In the experimental group, the direct phase-selection method is utilized as a new algorithm to optimize the initial phases. In this new approach, density modification with simple solvent flattening is first used only once to select one of the two possible phase choices from the SAD phase probability distribution for a subset of the reflections where the phase choice is most likely to be correct, thus differing from the standard approaches using SAD phase combination with Hendrickson–Lattman coefficients throughout density modification.

3.4.1. Preparation of data sets for the simulation test

Among the six SAD experimental data sets, five cases, lysozyme_S, lysozyme_Gd, insulin_S, lectin_Zn and cytochrome c3_Fe, were examined with calculated phases φC from their known models. The preliminary DM phases (φNHLDM) were generated with one cycle of DM from the initial SAD phases φSAD using the CCP4 program DM with solvent flattening, histogram matching and all reflections for the entire calculation, involving no Hendrickson–Lattman coefficients (NHL). The important angle parameters were then generated in the data sets for examination by simulation, some of which differed from those in the data set for the regular method in §[link]3.3, such as φNHLDM, φam (ambiguity phase φ1 or φ2 determined from the preliminary DM phase φNHLDM) and θDS (the angle between the initial SAD phase φSAD and the preliminary DM phase φNHLDM).

3.4.2. Overall procedures of the experimental group

The experimental group in Fig. 2[link] shows the protocol to produce improved phases and direct selection maps. The optimum initial phases φSSAD were determined from φNHLDM by the direct phase-selection method de novo (see details in §§[link]3.4.3 and [link]3.4.4). The DM phase φSDM was subsequently improved from φSSAD using RESOLVE or DM, respectively, in parallel for comparison, using the same protocols as were used in the non-constraint method. The direct selection map is consequently generated with the final DM phases φSDM.

3.4.3. Phase-selection rule and definition

If the preliminary DM phase φNHLDM is located in region 1 or 2, the new initial φam phase is selected as φ1 or φ2, respectively (Fig. 4[link]a). The correct or incorrect selection is defined when φNHLDM and the model-calculated φam are in the same region or in different regions, respectively. The selected correct or incorrect phase φam (φ1 or φ2) is thus based on the phase φNHLDM because the model phase φC is fixed by the refined structures. Here, we define the percentage correct as the number ratio of the reflections with selected correct phases to the total reflections. The percentage correct and the angle θDS define the `confidence level' and the `confidence interval', respectively.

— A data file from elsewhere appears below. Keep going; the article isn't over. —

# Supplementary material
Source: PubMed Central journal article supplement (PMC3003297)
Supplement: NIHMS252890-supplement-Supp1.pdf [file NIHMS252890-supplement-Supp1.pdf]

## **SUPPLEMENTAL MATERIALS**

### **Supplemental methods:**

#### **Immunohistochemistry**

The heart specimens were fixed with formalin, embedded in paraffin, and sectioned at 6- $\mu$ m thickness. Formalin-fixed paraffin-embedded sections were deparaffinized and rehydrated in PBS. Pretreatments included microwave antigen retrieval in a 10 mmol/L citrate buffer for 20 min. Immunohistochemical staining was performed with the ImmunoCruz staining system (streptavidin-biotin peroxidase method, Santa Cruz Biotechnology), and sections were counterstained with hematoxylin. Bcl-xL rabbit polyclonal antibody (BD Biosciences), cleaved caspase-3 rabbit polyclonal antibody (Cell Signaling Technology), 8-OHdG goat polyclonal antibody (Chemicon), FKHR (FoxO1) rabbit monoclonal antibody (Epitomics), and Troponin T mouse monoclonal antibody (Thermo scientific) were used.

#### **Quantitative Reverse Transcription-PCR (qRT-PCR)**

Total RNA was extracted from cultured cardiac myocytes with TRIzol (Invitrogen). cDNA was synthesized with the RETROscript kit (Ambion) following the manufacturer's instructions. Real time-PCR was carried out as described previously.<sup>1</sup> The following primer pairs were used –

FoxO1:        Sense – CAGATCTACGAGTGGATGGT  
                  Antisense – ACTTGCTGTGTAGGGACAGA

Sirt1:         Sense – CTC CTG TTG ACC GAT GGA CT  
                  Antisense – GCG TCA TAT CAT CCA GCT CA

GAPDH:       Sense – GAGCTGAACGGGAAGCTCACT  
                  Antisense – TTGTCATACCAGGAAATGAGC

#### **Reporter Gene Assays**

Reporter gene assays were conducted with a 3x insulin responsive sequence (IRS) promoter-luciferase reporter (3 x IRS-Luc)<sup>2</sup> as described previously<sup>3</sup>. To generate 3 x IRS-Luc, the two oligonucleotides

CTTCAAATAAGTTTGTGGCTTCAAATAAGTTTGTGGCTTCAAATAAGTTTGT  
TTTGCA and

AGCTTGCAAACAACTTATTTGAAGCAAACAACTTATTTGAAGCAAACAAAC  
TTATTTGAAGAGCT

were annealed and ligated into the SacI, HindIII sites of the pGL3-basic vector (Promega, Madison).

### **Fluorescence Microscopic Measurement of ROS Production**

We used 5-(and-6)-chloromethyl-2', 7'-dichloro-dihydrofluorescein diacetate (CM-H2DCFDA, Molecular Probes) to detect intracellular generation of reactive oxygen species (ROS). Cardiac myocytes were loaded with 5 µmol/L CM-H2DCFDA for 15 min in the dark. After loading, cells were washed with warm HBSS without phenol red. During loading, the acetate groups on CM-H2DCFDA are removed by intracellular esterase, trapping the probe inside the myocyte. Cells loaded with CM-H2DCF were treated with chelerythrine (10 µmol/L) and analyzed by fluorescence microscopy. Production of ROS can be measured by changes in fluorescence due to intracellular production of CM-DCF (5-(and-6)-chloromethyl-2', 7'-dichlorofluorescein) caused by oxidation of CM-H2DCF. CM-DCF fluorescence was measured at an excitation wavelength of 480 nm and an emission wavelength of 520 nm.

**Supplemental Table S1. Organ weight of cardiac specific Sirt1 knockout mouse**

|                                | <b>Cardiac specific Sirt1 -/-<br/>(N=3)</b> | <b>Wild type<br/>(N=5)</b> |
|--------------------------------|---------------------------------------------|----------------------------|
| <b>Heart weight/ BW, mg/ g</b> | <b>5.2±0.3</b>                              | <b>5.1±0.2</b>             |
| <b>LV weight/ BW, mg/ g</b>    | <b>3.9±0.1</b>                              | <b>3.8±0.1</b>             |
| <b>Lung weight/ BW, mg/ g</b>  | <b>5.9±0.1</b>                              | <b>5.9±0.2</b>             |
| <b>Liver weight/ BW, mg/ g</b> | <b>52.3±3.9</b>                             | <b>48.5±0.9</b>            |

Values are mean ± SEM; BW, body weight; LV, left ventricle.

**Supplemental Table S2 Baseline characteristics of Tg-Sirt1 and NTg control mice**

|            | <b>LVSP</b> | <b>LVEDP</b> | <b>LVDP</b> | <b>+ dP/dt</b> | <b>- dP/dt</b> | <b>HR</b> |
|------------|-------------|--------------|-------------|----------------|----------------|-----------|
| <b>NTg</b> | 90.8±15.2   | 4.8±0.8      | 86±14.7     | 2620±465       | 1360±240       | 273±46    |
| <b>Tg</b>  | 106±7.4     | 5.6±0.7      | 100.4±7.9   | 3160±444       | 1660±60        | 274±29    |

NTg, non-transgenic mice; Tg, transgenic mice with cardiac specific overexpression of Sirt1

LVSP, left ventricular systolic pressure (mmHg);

[Figure 4]
Figure 4
(a) Diagram of the various phases. The phase circle is divisible into two parts, with grey and white colours for regions 1 and 2, respectively. (b) Diagram of various phases and the θDS range. The circle is divided into grey and white. Angles θDS < 35° and θDS > 145° in the grey zone show the lower percentage correct in selecting phase φ1 or φ2 in region 1 or 2. (c) A schematic plot of the histograms of percentage correct as a function of the angle θDS.

The protocol to determine the percentage correct for the simulation cases is applicable not only to the direct phase-selection method in the experimental group but also to the regular and non-constraint methods in the control group. However, φC is not available from the practical cases without known structures to distinguish the correct or incorrect phase φam. The distribution statistics of the percentage correct from our five simulation cases enable us to instead use the novel `θDS list' as the criterion to select the phases for the practical cases without structural models. The details of experimental procedures utilizing the θDS list in the direct phase-selection method de novo are described in the following sections.

3.4.4. Direct phase-selection method based on θDS angles

Our simulation results and statistics show that a high percentage correct occurs at an angle θDS in the range between 35 and 145° in regions 1 and 2 (Figs. 4[link]c and 5[link]). A higher confidence level is hence obtained in the confidence interval between 35 and 145° in regions 1 and 2. A `θDS list' from the smallest to the largest angles can be generated. Reflections from the θDS list with the angle θDS between 35 and 145° are selected, which have a relatively high probability of the correct selected phase φam. The selected phase φam is either φ1 or φ2 depending on the preliminary DM phase φNHLDM. The initial phases φSAD of all of the reflections in the range 35–145° are then replaced by the corresponding selected phases φam for optimized improvement.

[Figure 5]
Figure 5
The highest percentage correct occurs at an angle θDS in the range between 35 and 145° for the selected phase φ1 or φ2 in region 1 or 2, respectively. The horizontal axis indicates the range of the angle θDS from 0.1 to 180°, whereas the vertical axis indicates the percentage correct.

The reflections with replaced phases (selected phases φam) and the rest with unselected initial phases φSAD are subsequently combined into a new data set with optimum initial phases φSSAD. In this step, FOM = 1.0 was used as the weighting scheme for the selected phase φam without Hendrickson–Lattman coefficients, whereas the initial FOM values were used for the rest of the unselected phases. In the DM process no phase recombination was carried out, only use of the FOM as the weighting scheme. The final DM phase φSDM was improved from φSSAD using RESOLVE or DM in parallel. After the above calculation, final DM phases φSDM from the direct phase-selection method can be obtained for the calculation of electron density and the evaluation of the percentage correct. Optimum initial phases φSSAD possessing a higher percentage correct have a better chance of improving the DM phases φSDM compared with φRDM and φNDM in the control group. This method is called the `direct phase-selection method'.